Discover DRAWDA urban art trail this summer in the Boyne Valley

Discover DRAWDA Urban Art Trail this summer in the Boyne Valley

Date: 29/06/2022

The town of Drogheda has been brought to life in 2022 with 6 beautiful murals depicting key figures and moments from our mythological past. The setting could not be more fitting as the town boasts many historical ties. Drogheda derives its name from the Irish Droichead Átha meaning ‘Bridge of the Ford’. It is the largest town in Co. Louth – Ireland’s smallest county – which is named after Lugh, the great God of the Celts.
For over 800 years, Drogheda has been the stage for many of the events that have shaped Ireland’s destiny. At one time, it could have been regarded as Ireland’s capital city; centuries later, it was port of departure for thousands of desperate famine victims. And in 1649, it became synonymous with one of the blackest chapters in Ireland’s history when Oliver Cromwell unleashed a degree of ruthlessness that still stirs emotions. Steeped in history, Drogheda is a town with a story around every corner. And now you can enjoy the stories with this fascinating urban art trail.


The legend of Salmon of Knowledge

Fionn and the Salmon of Knowledge
 
Situated on the Fitzwilliam Court building in Dyer St by Ciarán Dunlevy. One of the best-known of all Irish myths is the story of how the young boy Fionn MacCumhaill accidentally gained all the wisdom of the Salmon of Knowledge, which had been caught by the wise druid Finnegas at the Boyne River just a few miles upstream of Drogheda. 


Étaín the heroine of Tochmarc Étaíne 

Etain
 
Situated on Meat Market Lane by Nina Valkhoff. Étaín was the most beautiful woman in Ireland. She was twice reincarnated and was so loved by Midir from her first life that he followed her through three different lifetimes to pursue her love. A story of love, jealousy, and transformation, with Newgrange and the Hill of Tara as the main settings of the tale.


Boann Goddess of the Boyne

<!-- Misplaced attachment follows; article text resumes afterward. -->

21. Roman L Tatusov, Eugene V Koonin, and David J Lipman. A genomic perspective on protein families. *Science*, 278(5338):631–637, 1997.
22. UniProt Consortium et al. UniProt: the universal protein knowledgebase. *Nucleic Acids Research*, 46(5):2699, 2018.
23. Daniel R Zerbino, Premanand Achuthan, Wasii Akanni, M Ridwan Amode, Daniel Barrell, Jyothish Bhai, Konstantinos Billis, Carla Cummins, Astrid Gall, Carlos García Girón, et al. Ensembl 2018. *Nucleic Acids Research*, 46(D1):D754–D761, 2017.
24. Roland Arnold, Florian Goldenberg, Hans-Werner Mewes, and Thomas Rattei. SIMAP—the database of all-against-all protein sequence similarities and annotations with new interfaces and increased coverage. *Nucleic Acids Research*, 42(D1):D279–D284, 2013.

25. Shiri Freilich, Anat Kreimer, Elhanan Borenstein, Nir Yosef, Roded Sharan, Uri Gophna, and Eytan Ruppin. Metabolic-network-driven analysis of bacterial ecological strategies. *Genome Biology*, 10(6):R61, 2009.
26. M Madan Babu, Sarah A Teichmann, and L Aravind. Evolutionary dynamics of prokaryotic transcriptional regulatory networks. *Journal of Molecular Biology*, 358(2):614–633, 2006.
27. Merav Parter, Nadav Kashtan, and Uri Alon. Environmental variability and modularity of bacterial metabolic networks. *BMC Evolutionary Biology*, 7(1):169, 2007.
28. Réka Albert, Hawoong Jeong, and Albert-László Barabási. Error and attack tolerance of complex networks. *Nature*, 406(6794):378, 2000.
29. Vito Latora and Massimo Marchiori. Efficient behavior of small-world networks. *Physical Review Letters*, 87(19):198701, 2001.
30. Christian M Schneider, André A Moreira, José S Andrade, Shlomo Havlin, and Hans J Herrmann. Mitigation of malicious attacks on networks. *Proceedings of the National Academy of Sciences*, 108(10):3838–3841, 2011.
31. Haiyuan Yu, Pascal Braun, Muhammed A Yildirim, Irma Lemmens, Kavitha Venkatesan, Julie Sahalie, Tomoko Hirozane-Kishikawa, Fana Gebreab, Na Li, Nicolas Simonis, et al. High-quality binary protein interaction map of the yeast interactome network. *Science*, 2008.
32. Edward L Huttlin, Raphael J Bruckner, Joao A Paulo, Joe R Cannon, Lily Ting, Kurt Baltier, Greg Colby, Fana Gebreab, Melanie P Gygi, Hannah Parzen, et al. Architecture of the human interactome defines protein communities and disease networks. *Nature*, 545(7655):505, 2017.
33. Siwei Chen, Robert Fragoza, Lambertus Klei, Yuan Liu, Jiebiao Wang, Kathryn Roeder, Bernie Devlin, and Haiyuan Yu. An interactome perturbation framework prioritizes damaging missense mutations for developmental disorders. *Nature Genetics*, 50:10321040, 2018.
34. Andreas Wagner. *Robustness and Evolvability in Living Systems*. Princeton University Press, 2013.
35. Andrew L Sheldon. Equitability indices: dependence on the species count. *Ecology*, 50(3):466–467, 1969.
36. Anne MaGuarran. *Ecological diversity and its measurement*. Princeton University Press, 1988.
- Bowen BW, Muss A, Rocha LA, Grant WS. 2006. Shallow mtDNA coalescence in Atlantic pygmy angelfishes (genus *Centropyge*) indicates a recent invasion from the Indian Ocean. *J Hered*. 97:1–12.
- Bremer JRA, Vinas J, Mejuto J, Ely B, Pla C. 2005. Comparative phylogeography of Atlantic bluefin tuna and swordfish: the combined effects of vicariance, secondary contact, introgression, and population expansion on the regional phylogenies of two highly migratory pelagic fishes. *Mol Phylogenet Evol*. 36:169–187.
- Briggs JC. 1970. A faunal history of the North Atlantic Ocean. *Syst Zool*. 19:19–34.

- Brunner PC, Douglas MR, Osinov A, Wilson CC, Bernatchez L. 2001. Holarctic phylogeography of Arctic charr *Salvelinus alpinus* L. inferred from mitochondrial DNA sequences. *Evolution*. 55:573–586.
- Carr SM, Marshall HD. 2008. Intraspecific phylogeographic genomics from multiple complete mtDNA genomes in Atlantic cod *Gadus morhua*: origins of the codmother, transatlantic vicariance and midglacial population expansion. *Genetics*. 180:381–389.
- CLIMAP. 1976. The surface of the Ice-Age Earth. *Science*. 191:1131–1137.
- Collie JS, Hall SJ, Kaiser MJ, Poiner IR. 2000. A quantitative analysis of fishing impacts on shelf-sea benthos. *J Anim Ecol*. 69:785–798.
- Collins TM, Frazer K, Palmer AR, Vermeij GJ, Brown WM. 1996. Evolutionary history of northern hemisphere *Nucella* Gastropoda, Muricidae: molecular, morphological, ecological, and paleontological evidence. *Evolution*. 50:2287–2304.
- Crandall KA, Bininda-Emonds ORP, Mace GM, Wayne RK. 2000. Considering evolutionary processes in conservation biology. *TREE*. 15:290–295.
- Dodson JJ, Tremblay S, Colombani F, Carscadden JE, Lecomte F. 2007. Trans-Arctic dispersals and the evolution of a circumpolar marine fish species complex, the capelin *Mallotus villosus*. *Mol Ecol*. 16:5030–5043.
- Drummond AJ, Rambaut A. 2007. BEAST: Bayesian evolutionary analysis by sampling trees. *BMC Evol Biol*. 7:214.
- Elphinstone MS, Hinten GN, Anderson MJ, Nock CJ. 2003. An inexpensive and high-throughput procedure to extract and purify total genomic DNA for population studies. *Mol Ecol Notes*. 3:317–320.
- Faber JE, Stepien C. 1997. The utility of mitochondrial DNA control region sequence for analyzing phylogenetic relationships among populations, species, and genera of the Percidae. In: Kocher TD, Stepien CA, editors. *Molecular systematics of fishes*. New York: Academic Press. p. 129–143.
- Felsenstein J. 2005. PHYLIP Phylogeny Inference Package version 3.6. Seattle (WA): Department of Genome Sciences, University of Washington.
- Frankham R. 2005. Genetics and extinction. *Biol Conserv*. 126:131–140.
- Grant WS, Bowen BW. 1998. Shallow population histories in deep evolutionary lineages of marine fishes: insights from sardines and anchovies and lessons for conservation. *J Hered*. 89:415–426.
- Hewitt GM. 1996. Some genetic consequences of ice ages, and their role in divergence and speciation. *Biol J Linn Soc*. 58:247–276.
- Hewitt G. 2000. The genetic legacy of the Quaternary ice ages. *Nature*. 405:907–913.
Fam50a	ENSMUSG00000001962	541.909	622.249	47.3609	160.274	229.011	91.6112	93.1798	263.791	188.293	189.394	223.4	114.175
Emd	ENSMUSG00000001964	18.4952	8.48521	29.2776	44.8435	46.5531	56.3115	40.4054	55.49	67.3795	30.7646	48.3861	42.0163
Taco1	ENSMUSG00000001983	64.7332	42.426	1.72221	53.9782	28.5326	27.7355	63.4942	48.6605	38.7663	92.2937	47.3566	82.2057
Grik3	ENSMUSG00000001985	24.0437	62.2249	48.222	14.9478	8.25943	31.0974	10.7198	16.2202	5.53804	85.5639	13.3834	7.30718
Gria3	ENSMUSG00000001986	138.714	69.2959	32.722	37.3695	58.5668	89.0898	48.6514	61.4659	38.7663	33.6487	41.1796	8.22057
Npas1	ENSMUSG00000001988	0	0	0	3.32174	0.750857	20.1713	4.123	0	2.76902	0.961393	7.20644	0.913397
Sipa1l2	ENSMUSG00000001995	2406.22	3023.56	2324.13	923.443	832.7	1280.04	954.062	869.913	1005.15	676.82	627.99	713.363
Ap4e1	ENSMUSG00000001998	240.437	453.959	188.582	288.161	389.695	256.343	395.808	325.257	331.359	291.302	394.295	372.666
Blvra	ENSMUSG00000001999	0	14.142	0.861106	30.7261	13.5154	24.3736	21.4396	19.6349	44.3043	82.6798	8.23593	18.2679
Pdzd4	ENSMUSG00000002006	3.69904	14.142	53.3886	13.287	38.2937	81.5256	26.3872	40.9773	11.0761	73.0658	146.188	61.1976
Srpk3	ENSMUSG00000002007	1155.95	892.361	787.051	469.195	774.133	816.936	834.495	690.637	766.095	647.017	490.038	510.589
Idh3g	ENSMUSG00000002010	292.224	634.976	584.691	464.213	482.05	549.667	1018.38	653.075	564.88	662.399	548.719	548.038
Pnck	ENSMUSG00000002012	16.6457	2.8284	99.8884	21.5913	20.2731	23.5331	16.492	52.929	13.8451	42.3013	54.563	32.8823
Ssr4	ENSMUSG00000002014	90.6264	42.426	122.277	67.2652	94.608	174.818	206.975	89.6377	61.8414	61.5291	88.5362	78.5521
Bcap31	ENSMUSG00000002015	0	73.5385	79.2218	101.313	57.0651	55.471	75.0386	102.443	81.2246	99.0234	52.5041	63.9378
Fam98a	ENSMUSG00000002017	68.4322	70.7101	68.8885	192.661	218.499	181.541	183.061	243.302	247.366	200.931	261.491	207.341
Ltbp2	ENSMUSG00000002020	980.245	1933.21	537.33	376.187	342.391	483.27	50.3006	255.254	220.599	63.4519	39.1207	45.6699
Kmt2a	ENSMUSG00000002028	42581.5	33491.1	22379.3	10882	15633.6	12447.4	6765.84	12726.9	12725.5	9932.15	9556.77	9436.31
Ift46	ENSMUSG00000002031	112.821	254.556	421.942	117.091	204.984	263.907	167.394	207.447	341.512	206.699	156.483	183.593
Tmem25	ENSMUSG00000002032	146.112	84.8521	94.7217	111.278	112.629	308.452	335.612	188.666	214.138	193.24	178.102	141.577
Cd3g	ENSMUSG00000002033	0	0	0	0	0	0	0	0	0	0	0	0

Boann Goddess of the Boyne
 
Situated on Abbey Lane by Lula Goce. Boann was the goddess who was said to have created the river Boyne (which is named after her) when she defied her husband to approach the sacred and mystical Nechtain’s Well. Find out more about our mythical goddess on our website here.


 The Morrígan a triple Goddess

The Morrigan
 
Situated on Patrick Street by This Is Friz. A triple goddess with shapeshifting powers who had the ability to lure lovers but also to bring about bloodshed on the battlefield. Hear about her connections with Brú na Bóinne and how she was spurned by the famous Irish hero Cúchulainn. 


Dagda the leader of the Tuatha Dé Danann

Dagda
 
Situated on Lawrence Street by Russ. The King and leader of the ancient deities, the Tuatha Dé Danann, he was said to have built Newgrange and been its first owner.


Famous bard, poet, and judge Amergin.

Amergin
 
Situated at Drogheda Port by AERO. The bard, poet and judge of the Milesians, who landed in the Boyne Estuary just a mile downstream of Drogheda when they came to take Ireland from the ancient deities, the Tuatha Dé Danann.
This is the perfect way to spend an afternoon discovering the county town of Louth and the gateway to the Boyne Valley region. You can download the digital map here. You can also unlock audio stories via QR codes at each site.
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